National Small Business Week: a cybersecurity survival guide

In many ways, small businesses are the powerhouse of the U.S. economy, a reality celebrated this week by a series of events, online and offline, coordinated as part of National Small Business Week. And what powers many small businesses today, in addition to the passion and hard work of owners and employees, is digital information and communication technology. These days, that technology — from desktop PCs to mobile apps and cloud services — is increasingly referred to as “cyber”, and protecting that technology is the task of cybersecurity.

So this week seemed an appropriate time to publish a Small Business Cybersecurity Survival Guide, to outline the biggest risks that small businesses face in the cyber realm and how best to defend against the latest cyber threats. The guide contains strategic advice from ESET security experts on what precautions small businesses should be taking to protect themselves and keep vital data from falling into the wrong hands.

Perhaps the most important single thing that small businesses need to know about cyber threats right now is that cyber criminals are actively targeting smaller firms. I realize this can be hard to imagine or accept. After all, the security breaches we hear about on the news involve big brand names, like Target, Home Depot, Sony Pictures, and Anthem. The fact is, many breaches of smaller firms simply go unreported. So I often meet small business owners who are still wondering what on earth cyber criminals could want with their company’s computer systems and the data they handle. There are several answers to this.

small-biz-cyber-spotzFor a start, many small businesses have personal information about customers and employees that data thieves can sell on the black market. And although your small business might not have huge bankable profits at the end of the year, depending on your line of work you may handle a lot of money (for example, deposits and payments from customers that are not immediately spent on raw materials). But perhaps the easiest way to picture the current reality is something I call the “small business cyber crime sweet spot”.

As you can see from the picture on the right, small businesses generally have more assets worth looting than consumers (whether it is bank funds, personal identity data, or intellectual property in digital format). On the other axis, you can see that small businesses generally have less maturity than large enterprises when it comes to cybersecurity. Simply put, small businesses often have a lot to lose, but a lot less protection in place than larger firms. Naturally, that combination is very appealing to some sectors of the cybercrime industry.

While cybersecurity can be intimidating, a methodical approach to addressing cybersecurity can be very effective in reducing your risk profile. The small business cybersecurity survival guide lays out an “ABC” approach that goes like this:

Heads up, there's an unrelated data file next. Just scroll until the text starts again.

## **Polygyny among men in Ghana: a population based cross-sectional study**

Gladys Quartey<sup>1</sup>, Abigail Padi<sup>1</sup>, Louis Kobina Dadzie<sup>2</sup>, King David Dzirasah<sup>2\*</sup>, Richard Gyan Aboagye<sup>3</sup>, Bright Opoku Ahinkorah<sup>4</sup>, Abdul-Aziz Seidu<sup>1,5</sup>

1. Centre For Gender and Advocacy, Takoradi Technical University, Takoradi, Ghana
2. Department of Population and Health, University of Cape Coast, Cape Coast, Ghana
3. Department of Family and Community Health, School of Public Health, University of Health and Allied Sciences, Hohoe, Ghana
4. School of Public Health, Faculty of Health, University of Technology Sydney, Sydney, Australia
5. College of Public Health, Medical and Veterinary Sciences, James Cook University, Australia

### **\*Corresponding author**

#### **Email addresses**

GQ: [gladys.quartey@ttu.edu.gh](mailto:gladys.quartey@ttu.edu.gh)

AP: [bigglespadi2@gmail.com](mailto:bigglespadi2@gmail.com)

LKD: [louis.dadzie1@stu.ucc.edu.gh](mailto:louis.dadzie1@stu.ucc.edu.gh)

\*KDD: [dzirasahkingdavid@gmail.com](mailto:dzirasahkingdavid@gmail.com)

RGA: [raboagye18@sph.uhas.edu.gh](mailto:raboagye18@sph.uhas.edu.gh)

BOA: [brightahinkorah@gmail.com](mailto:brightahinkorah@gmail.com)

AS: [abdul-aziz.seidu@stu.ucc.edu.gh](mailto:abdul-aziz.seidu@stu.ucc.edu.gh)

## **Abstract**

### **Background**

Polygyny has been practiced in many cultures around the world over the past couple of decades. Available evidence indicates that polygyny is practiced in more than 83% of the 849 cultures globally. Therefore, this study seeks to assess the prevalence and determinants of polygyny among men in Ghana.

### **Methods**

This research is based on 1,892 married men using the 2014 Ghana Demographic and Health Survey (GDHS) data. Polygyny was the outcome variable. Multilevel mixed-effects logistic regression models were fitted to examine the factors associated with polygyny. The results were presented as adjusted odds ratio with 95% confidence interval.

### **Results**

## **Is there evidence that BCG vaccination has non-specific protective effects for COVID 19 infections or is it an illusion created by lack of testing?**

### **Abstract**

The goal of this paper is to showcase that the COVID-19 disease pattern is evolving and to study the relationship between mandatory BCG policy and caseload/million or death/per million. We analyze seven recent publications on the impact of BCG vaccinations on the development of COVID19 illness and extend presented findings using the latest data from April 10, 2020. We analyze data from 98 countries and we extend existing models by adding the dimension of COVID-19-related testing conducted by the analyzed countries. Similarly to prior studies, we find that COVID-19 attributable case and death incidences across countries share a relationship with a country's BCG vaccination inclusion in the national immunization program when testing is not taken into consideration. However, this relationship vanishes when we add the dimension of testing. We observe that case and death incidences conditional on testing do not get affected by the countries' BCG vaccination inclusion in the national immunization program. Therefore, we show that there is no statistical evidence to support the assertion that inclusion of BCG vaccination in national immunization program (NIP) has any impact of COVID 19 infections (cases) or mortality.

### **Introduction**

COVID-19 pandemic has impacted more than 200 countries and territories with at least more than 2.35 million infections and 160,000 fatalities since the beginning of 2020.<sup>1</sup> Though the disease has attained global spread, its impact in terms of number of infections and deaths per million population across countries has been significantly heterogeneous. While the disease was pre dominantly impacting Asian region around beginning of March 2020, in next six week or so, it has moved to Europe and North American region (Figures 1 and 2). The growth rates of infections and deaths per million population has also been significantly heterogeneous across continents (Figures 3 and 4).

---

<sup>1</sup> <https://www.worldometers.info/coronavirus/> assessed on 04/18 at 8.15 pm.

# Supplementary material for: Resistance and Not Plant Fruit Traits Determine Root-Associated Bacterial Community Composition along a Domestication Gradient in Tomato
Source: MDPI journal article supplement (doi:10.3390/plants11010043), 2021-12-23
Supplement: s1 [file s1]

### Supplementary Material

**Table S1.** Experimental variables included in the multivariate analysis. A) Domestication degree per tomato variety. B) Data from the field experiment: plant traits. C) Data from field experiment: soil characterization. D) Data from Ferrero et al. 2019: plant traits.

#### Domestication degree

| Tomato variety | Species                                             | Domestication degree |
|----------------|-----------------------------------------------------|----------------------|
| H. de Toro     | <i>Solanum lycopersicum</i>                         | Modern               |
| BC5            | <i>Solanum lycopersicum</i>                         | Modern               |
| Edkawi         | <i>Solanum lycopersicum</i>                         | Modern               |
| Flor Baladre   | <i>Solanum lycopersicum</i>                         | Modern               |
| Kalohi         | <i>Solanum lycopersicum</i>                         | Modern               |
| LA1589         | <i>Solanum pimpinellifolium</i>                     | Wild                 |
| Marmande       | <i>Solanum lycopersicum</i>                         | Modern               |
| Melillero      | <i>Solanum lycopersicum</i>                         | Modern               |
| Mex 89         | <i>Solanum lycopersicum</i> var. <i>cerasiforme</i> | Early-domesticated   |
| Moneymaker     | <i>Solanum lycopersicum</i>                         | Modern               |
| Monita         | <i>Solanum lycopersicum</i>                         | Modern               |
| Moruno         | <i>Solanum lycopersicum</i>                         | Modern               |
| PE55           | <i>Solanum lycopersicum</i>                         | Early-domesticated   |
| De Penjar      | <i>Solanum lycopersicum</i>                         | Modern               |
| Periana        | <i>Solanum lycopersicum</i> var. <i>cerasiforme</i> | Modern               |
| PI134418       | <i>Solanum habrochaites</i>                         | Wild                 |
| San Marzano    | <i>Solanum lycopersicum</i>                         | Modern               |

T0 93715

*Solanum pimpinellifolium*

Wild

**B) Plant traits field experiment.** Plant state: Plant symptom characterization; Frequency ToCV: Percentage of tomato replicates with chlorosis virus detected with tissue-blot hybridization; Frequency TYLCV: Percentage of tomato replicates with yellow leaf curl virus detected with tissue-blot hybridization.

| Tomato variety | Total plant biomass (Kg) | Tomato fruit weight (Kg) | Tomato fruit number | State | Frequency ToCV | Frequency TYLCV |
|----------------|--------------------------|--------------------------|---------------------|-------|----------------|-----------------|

• Assess your assets, risks, resources – Know what you need to protect, understand the threats, and identify resources.
  • Build your policy – Spell out your organization’s approach to security as policy, and ensure leadership prioritizes security.
  • Choose your controls – Decide what controls and tools are most appropriate to enforce your security policies.
  • Deploy controls – Put controls in place.
  • Educate employees, execs, vendors – Gain security buy-in from the full team and let folks know: cybersecurity is everybody’s responsibility.
  • Further assess, audit, test – Stay on top of security trends, conduct tests of your security, and make sure new projects are included in policy.

As you can see, getting a handle on cybersecurity is a multi-stage process, and this process is ongoing: at stage F you go back to A. This is the only way to keep up with emerging threats and the many ways in which your growth as a small company changes your exposure to cyber risks. For example, cybersecurity risk changes as you go from running the company as a one-person operation, to maybe a few trusted co-founders, to an employer of people you never met before they applied for a job with you (and when you reach the point where an employee leaves your organization, the right security policies become especially important).

You can download ESET’s comprehensive Small Business Cybersecurity Survival Guide here. We hope that you find it helpful.

Also, later this week, please join my colleague and fellow security researcher Cameron Camp on May 6, 2015 for a free webcast that explores BYOD, mobile device management and other security topics of particular concern to small businesses.

Author Stephen Cobb, ESET

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